If the surface of the soil is sloped towards your foundation even installing a french drain will not help enough. You have to grade that surface soil to slope away from your foundation. If not possible then the next solution is to cover that area out to where the soil slopes away from the foundation.
Firstus and most important before trying to mess with drainage on your own is to contact; your city or county buildings and code. You need to learn what the rules are because if you do not know the rules you could get fined big time.
Check your mortgage paperwork. You should have an 'as-built' included that shows your property lines, N/S, septic, fences, outbuildings, your home dimensions as well as exactly where it sits within your property lines. Hopefully there might be elevations. With at least 3 elevations maybe even two you could have a grading base map made that shows you where the water is going now.
Drainage is critical for a home or any structure. Have you purchased this home already? Not to worry. Disclosure laws are a big deal. Selling a home with a wet basement is a huge no-no.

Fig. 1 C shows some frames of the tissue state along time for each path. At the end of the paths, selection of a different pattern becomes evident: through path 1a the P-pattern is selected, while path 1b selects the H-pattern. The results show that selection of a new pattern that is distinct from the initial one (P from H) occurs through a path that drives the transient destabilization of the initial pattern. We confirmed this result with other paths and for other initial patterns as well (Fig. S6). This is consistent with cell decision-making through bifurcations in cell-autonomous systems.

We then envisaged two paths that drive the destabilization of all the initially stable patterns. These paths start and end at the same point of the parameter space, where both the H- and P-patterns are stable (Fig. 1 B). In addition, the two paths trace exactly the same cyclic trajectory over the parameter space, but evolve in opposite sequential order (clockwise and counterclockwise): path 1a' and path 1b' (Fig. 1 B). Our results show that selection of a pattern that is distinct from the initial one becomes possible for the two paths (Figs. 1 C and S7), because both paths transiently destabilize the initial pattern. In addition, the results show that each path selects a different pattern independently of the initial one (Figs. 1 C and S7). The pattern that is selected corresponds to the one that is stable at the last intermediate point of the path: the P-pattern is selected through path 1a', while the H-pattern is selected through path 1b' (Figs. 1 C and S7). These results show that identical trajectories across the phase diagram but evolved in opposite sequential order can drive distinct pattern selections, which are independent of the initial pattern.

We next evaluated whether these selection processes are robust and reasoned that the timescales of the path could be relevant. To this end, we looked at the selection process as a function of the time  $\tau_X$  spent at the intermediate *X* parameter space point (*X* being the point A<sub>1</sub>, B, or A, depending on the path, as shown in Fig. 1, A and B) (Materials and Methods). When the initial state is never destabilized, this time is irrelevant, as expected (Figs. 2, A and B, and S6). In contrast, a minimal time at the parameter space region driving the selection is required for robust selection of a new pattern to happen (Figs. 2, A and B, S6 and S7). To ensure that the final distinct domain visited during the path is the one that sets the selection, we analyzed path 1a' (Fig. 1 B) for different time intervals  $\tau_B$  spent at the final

River rock at the base of your foundation walls on the surface helps stop splashing of mud, not so much water. The siding whether wood or stucco or brick has to be a minimum of 4" above the soil. The concrete of your foundation on the outside of that wall between any soil, mulch, or rock needs to have an asphalt coating painted onto the concrete of the foundation.
On the outside of the footings of your foundation there has to be drain tile (drainage pipe, 4" diameter covered with landscape fabric or better). Tough to find. Gotta dig down. Find a friend with a backhoe. Dig out a corner to see what they did for drainage of that foundation.
A wet basement warrants doing this digging and research.
Another easy fix that might work for you is what is called a 'dry well'. Simply, a big hole that is lined with landscape fabric then filled with drain rock, then covered with landscape fabric and then topped with driveway material of your choice. This collects lots of water and allows that excess water time to seep further into the water table. I have used them an awful lot. Small dry wells were 3X4X3 feet deep. Larger; 8'X10'X4'. They can be much larger if necessary. Don't expect to grow lawn on top of them. River rock and cobble and pea gravels look very nice.
If you could look for your as-built we could help lots more. There are laws against selling people homes with leaky basements. Not cool. Anywhere that I know...you should NOT have been sold a home with a leaky basement. Period. Can be fixed but NOT with your money...